Editor’s Note: The following piece was submitted by SOFREP reader and Former United States Marine Julian McBride. A million thanks to Julian for his contribution. 

A Western Military Tradition

The Non-Commissioned Officer Corps has been a Western military standard in maintaining unit cohesion and professionalism. Training enlisted members to have effective small-unit leadership has had great effects in conventional warfare and in peacetime settings.

One of the core aspects of small unit leadership in the US military has been the NCOs, who have learned critical decision-making abilities to save lives and continue to run the operational tempo in battalions smoothly. In Russia, the complete opposite has taken place.

With NCOs being non-existent in the Russian Armed Forces, their organization has incorporated undisciplined junior officers who are forced to recognize heavy top-down orders from senior officers with ties to the oligarchy system of government Putin’s federation has implemented.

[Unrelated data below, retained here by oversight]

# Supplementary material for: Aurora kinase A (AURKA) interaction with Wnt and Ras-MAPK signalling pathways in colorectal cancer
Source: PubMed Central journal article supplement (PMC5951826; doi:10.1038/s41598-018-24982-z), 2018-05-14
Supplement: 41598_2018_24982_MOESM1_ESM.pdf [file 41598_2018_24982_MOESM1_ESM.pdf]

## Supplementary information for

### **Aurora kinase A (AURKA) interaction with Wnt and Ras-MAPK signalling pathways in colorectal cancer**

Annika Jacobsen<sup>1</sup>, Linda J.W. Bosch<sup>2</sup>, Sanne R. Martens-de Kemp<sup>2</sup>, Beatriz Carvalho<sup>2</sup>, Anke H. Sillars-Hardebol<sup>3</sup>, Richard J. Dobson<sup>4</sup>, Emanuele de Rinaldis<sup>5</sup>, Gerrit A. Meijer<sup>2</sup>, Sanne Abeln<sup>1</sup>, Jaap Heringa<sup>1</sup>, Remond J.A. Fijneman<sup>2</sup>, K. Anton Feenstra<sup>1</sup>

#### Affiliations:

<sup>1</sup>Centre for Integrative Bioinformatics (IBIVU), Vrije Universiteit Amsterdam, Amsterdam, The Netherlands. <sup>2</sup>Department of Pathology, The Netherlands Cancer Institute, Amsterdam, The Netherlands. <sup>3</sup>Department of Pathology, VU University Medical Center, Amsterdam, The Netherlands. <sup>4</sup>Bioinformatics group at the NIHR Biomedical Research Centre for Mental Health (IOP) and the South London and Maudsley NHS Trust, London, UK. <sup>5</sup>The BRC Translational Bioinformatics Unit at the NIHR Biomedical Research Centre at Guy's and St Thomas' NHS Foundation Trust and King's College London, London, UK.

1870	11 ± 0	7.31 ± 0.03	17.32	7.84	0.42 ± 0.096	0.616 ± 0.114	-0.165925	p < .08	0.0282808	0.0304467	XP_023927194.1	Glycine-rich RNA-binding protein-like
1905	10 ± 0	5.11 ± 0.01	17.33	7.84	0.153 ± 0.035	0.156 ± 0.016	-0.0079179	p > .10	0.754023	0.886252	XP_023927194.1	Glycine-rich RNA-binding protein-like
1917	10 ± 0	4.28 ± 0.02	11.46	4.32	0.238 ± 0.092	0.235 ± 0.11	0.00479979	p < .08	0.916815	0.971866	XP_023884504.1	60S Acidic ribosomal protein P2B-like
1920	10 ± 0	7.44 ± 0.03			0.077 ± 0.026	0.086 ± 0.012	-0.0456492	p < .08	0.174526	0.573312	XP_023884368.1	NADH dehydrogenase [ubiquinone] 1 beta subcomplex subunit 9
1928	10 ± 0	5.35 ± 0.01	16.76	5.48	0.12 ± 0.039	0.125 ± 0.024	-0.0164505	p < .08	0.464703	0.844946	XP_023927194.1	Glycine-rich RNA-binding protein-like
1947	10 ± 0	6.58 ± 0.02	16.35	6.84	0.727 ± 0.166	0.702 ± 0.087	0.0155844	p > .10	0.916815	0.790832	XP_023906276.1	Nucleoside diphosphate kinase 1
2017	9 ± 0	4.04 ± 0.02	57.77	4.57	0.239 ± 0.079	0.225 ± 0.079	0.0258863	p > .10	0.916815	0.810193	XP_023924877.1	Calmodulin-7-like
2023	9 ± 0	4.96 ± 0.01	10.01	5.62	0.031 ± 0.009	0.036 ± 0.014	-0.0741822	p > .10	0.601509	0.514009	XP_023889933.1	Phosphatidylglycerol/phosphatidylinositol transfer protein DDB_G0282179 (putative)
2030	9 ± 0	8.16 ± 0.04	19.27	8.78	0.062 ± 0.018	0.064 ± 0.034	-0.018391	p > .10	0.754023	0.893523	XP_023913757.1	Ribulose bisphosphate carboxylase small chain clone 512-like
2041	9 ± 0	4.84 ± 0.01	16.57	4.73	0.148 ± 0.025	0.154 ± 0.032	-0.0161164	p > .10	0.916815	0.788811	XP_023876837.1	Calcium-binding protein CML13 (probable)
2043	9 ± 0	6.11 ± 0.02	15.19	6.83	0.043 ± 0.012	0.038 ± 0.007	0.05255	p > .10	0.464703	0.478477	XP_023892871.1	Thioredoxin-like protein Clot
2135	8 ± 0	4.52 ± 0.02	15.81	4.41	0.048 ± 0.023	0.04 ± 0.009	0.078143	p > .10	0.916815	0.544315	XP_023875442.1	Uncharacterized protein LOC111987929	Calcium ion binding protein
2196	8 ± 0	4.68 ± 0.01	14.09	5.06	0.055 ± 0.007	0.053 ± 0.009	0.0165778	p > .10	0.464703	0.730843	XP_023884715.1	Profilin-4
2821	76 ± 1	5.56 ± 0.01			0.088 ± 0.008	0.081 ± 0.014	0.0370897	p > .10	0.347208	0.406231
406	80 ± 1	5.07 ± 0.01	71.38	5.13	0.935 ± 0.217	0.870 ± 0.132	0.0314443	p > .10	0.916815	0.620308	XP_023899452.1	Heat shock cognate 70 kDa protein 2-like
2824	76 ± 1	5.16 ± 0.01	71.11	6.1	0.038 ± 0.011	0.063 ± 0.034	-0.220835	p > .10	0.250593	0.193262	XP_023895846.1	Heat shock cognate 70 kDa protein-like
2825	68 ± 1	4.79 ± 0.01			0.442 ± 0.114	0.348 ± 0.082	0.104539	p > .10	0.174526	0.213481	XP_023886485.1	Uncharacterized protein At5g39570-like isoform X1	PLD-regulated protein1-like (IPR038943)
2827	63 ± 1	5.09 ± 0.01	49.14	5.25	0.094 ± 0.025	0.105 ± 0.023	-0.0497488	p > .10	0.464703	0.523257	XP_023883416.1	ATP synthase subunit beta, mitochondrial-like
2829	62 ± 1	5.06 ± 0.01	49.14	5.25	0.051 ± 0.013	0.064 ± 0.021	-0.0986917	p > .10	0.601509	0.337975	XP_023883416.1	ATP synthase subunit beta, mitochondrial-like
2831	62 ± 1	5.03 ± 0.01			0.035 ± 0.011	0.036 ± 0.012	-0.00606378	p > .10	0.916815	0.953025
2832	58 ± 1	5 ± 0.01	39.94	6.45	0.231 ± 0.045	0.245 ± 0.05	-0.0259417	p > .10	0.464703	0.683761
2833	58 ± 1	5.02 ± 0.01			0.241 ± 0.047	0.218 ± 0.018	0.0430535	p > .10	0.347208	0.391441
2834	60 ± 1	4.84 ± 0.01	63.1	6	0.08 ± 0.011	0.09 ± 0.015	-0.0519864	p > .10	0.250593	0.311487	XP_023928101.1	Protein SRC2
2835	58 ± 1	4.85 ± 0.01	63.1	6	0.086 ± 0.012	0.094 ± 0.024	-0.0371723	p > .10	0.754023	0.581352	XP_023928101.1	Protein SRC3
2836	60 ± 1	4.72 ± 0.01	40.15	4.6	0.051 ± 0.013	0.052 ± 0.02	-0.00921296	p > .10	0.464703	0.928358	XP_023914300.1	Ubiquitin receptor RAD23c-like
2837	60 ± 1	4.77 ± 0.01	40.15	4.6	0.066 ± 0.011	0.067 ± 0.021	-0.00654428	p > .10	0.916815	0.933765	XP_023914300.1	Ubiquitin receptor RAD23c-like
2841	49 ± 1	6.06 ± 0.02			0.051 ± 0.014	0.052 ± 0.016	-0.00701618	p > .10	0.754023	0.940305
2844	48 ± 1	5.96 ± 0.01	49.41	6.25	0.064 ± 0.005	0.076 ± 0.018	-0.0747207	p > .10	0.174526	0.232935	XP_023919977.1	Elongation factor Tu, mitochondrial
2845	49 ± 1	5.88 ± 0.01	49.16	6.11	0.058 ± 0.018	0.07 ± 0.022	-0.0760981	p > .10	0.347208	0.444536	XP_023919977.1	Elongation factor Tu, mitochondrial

During their ongoing invasion of Ukraine, Russian officers have made head-scratching decisions that can be correlated to the forced directives of their Ministry of Defense (MOD). World War One and Two tactics of frontal assaults have been seen on the battlefield, particularly in battles such as Soledar, Bakhmut, Avdiivka, and others.

The unnecessary amount of casualties Russian Forces have taken in the past year has severely hampered their offensive capabilities. Even with the capture of strategically important cities such as Mariupol and Severodonetsk, the victories have been pyrrhic due to the need to rush timelines to capture territory at the behest of MOD.

Moscow rarely conducts large-scale offensives, as seen in the first months of the war, and now relies heavily on localized offensives, often conducted by the Wagner Group, as RF (Russian Federation) forces have become extremely weakened. With localized offensives seen in cities such as Bakhmut, Soledar, and Kremmina, NCOs could’ve played a major role in organizational conduct. Lacking them has led to officers making inane decisions and mistakes often repeated continuously.

Russian Officers have orders to push their men to certain death and often do not challenge their orders. With non-commissioned officers, their small unit leadership and their critical thinking abilities allow them to suggest different methods of approach with their platoon leaders—led by a company grade officer such as a First and Second Lieutenant.